MC: Fundamentally, most people in your city care about two things: They care about their neighborhood and their downtown. A city gets its identity from its core. One of the reasons Oklahoma City succeeded, now looking back 20 years, is that we convinced people who live in the suburbs that the quality of life downtown is important. We’ve convinced them their quality of life is directly related to the intensity of the core, that you can’t be a suburb of nothing.


Myriad Botanical Gardens and Crystal Bridge Tropical Conservatory (project by Office of James Burnett)
Image credit: McNeese Fitzgerald Associates


Myriad Botanical Gardens (project by Office of James Burnett)
Image credit: Carl Shortt

In way too many cities across the country, what you see is some flourishing life in the suburbs and a core that has seen its life disappear. In Oklahoma City what we tried to do was put new life into the core of the city. We want to make a city where at five o’clock people still want to stay, whether they want to live or they want to play, or they want to continue to work. We want downtown to be an inviting place. If your downtown is dead, it’s hard to imagine that life in the suburbs is going to be a whole lot better.


Bricktown canal revitalization
Image credit: City of Oklahoma

JG: A new set of $777 million in investments will create a new downtown park and riverfront recreation opportunities, build out a streetcar system, expand sidewalks and biking trails, and create new senior wellness centers. Another $180 million was raised just to redesign downtown streets. These projects seemed designed to improve the quality of life for locals as much to draw in further private sector investment. But what do you hope to accomplish with the new projects? How are you defining success?

MC: If we’re creating a city that our kids and our grandkids are going to want to choose to live. In the 1980s when my contemporaries and I came of age, there weren’t that many good jobs available. Most people who got an advanced degree had to leave Oklahoma City. We lost a generation of leadership. To a certain extent, some of those people are coming back now.

What we want is to create a city where if a kid grows up in Oklahoma City, they want to remain here if they can. What we’re seeing is not only is that becoming true, but a lot of people are moving here from California, the east coast, and especially Texas. Those are communities that had been a drain on our most promising citizens for generations. Now we’re attracting that human capital. That’s going to be the key to economic development because no longer do people follow jobs. Jobs follow people. We’re succeeding now because we’re attracting the top human capital available.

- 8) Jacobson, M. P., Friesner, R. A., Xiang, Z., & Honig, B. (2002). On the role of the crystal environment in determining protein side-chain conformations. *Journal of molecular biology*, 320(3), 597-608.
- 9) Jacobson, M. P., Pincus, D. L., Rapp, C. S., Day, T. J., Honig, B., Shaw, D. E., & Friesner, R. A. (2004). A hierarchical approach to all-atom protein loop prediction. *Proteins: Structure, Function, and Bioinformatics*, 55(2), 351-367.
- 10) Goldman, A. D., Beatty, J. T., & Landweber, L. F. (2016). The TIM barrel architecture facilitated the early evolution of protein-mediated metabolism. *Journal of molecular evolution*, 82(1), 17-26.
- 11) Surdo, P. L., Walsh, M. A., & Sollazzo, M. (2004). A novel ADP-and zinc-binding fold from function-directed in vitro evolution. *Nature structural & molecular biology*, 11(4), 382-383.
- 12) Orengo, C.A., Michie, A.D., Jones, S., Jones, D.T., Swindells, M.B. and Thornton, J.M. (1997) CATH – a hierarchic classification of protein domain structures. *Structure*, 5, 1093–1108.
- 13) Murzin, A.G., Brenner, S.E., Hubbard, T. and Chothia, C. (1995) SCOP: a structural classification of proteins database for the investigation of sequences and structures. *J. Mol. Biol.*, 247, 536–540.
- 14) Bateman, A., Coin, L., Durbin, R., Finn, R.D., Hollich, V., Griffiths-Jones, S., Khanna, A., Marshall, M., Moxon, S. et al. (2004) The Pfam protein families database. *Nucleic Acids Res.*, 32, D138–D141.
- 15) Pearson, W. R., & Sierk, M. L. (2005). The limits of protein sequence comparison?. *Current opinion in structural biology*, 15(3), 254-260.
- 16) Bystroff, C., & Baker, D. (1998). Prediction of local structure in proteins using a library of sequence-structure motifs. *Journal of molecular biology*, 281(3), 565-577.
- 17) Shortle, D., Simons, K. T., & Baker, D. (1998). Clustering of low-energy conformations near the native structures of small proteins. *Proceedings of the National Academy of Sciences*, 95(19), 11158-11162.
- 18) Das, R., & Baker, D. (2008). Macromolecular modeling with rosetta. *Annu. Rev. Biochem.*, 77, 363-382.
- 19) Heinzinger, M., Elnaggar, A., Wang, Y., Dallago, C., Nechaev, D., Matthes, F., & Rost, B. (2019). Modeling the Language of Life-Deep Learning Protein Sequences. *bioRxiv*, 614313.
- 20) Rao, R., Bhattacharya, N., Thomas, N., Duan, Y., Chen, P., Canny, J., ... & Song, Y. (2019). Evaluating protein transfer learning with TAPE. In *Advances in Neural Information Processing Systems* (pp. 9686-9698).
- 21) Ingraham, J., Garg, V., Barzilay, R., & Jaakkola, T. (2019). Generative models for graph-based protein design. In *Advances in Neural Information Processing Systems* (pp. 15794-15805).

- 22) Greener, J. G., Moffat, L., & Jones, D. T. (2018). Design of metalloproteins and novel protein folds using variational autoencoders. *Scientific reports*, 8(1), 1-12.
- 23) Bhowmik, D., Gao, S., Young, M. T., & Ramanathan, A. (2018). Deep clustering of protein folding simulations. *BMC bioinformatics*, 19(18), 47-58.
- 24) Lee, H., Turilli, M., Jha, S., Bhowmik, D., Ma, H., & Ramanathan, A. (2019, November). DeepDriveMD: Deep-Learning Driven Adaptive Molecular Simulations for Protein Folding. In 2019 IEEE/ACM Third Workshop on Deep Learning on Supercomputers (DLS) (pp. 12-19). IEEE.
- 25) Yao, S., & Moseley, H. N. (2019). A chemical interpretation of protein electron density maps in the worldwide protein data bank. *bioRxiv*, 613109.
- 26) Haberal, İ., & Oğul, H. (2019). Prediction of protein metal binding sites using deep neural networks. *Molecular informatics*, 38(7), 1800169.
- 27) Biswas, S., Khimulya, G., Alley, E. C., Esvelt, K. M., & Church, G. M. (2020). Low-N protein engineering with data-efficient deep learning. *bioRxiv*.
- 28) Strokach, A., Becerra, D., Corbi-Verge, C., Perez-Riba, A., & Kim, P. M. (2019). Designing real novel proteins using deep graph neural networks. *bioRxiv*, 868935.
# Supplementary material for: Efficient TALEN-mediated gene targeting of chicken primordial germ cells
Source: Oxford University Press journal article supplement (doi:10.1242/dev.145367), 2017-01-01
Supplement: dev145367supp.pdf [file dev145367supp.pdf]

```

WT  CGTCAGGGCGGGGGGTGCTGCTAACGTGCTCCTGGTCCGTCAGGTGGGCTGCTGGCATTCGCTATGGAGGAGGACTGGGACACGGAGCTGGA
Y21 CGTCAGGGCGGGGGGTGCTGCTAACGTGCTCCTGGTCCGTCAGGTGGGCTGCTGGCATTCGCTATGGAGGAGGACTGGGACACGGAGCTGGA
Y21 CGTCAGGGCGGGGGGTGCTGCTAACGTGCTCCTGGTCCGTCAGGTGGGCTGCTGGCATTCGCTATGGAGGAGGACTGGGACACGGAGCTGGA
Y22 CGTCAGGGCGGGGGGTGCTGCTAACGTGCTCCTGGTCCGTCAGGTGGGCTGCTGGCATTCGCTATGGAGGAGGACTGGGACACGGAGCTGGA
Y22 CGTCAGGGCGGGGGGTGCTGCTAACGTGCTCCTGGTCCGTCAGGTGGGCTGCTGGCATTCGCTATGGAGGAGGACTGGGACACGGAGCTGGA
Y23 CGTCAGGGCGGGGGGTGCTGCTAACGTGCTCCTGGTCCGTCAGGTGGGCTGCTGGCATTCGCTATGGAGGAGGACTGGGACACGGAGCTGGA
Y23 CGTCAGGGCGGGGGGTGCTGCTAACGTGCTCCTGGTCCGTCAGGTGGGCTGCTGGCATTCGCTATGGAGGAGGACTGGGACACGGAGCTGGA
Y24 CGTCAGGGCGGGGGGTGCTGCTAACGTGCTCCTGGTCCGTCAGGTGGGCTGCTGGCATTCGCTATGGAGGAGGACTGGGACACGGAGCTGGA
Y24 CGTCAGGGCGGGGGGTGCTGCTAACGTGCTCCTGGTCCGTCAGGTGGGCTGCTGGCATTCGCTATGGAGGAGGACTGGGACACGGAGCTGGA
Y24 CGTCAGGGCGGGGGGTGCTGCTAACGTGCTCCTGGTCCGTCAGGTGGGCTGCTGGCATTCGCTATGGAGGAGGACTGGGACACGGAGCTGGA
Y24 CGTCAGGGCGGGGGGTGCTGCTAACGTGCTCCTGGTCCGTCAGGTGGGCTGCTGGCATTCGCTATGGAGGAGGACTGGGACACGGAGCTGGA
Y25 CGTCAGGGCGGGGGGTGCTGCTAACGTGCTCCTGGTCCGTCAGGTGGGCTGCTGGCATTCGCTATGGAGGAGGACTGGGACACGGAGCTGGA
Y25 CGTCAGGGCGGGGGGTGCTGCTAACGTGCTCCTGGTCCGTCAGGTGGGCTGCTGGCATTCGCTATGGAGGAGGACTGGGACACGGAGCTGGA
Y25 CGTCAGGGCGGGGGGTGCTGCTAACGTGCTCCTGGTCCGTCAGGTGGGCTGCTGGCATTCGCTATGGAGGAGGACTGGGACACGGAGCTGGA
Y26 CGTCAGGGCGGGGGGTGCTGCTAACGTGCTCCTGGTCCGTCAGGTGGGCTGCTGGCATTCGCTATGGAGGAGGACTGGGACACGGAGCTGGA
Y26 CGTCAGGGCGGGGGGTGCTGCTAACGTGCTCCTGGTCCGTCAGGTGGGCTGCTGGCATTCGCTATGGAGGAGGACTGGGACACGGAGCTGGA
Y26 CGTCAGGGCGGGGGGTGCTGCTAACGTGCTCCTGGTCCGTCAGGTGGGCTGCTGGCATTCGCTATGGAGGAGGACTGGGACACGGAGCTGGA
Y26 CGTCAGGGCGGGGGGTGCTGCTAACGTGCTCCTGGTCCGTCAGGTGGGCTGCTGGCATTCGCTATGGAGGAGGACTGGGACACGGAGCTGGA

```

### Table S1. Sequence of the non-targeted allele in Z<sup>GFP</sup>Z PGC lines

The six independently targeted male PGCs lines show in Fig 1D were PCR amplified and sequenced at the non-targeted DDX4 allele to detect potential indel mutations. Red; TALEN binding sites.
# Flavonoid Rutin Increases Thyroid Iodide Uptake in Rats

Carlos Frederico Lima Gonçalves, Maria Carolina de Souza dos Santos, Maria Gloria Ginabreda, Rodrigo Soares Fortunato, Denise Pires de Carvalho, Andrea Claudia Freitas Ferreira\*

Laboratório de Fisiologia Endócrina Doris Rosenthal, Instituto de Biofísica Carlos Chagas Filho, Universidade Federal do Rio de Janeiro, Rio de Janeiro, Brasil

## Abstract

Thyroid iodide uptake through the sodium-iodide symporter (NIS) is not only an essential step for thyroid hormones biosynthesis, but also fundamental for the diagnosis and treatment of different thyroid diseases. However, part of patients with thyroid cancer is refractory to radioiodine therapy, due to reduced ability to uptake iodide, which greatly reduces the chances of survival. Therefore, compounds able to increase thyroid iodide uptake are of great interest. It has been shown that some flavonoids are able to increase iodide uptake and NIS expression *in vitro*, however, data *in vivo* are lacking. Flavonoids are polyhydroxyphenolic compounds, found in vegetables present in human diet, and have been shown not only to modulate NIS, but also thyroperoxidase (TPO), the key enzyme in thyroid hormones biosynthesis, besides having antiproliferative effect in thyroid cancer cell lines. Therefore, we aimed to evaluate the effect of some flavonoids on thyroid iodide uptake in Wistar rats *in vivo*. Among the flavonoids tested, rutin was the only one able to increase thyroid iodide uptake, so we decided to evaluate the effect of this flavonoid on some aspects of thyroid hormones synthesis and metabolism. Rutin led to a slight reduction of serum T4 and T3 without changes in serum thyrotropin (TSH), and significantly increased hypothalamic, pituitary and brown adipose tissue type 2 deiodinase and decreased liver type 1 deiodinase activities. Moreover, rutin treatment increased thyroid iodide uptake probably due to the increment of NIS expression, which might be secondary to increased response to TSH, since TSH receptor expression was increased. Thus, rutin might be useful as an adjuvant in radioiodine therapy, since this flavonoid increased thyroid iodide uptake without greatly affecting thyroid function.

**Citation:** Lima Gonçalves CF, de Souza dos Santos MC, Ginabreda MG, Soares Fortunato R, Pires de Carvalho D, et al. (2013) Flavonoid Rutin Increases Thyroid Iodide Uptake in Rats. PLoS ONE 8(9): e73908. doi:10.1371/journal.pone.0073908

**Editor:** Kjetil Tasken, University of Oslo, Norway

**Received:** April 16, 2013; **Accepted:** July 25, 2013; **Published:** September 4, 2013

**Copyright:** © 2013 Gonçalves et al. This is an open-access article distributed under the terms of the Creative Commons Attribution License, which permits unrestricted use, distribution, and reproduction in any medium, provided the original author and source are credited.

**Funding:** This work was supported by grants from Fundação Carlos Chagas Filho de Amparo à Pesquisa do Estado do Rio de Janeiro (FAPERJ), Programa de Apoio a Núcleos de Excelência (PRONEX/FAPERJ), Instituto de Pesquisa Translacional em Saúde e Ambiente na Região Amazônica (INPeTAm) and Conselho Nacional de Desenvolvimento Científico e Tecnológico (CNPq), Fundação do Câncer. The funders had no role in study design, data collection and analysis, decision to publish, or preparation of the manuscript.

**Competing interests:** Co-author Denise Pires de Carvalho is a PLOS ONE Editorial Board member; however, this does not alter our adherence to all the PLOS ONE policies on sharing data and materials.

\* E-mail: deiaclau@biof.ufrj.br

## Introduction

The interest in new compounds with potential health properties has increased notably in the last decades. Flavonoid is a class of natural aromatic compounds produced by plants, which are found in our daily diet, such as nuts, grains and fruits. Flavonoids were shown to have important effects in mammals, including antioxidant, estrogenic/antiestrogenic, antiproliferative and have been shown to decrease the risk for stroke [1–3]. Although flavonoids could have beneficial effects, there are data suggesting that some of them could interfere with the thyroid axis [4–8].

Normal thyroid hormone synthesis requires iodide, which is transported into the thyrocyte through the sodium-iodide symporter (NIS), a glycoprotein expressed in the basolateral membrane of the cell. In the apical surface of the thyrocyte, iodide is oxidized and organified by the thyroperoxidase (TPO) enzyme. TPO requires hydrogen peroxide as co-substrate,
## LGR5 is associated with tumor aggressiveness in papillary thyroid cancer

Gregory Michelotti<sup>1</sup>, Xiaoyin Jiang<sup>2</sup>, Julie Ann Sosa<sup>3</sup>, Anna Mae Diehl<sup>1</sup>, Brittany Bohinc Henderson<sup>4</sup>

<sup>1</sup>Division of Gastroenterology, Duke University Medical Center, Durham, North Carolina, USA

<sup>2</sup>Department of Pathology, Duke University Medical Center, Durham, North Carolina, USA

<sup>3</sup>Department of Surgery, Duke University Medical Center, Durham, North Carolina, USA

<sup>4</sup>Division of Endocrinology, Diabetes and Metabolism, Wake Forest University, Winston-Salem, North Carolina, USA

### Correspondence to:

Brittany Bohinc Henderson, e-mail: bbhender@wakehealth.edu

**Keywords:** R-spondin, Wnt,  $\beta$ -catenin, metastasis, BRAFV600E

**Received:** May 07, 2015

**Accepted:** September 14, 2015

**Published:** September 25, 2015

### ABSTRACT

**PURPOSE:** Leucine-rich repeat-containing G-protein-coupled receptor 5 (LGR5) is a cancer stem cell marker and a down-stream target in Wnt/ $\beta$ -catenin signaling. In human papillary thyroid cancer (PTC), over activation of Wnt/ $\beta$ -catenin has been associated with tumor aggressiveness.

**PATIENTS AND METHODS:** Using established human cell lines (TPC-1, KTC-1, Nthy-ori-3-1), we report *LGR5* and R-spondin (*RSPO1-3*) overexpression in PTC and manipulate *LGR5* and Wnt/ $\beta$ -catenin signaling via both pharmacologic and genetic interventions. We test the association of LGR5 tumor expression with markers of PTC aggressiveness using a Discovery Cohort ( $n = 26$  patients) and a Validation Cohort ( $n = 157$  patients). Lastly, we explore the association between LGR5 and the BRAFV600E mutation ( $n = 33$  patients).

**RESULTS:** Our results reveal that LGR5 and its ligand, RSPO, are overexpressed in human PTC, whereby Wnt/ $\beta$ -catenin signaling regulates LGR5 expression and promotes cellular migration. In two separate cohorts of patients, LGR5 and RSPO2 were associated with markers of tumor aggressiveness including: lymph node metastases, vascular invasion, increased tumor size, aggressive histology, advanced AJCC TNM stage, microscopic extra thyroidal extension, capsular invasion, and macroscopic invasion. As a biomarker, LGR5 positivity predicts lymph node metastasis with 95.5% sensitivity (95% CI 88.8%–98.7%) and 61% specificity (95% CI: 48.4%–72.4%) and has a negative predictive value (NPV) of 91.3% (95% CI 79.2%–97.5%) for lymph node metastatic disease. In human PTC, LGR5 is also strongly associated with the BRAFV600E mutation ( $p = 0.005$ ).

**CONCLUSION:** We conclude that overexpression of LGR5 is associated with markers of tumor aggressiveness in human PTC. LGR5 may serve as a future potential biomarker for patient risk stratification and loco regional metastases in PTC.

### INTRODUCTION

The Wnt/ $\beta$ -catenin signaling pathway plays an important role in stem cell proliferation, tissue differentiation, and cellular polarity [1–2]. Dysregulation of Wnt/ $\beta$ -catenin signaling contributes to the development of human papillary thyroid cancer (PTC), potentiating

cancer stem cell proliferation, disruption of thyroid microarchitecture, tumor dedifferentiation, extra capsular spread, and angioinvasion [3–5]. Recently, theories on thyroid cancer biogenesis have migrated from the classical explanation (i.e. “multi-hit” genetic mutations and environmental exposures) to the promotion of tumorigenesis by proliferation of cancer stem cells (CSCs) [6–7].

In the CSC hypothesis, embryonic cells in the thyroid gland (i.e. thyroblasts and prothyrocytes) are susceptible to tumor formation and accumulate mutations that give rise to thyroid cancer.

JG: Are you working with landscape architects on these projects? Also, have any designers really influenced your thinking on how to design successful public spaces? What do you hope to accomplish with these new public spaces?

MC: What we’ve learned is that there wasn’t a lack of enlightenment either at City Hall or in the business community. We had just never prioritized the landscape architecture that can really help beautify a project or a city.


Central Park concept
Image credit: Hargreaves Associates

The city has now got a set of standards. It’s hard to imagine that you’re going to have businesses with high standards in a city that has low standards. When the city developed higher standards — and those are standards that I continually push, given they need to be ever increasing — what you see is that the businesses in the community want to reflect those standards or maybe even exceed them. So it feeds on itself. When you have a city of low standards you’re going to have businesses that exude that same quality. You’re not going to create a city that’s all that impressive or creates interesting opportunities for pedestrians.

We have a number of landscape architects, architects, and designers here in the city who are very capable of doing great work but they had never necessarily been funded or inspired until recently.

I’ve also worked with Jeff Speck, Hon. ASLA, on a series of projects over the last few years. Jeff has helped me learn about many of the ways you can create a more pedestrian-friendly community. We have a long way to go there. Jeff has been a great sounding board for me from the outside-in on what works in certain cities across the country.

But I will say there are wonderful landscape architects right here in Oklahoma City who are now doing incredible work. I can only assume this type of work has been possible for a long, long time. It just hasn’t been standard. Now, it’s the standard and we’re seeing it.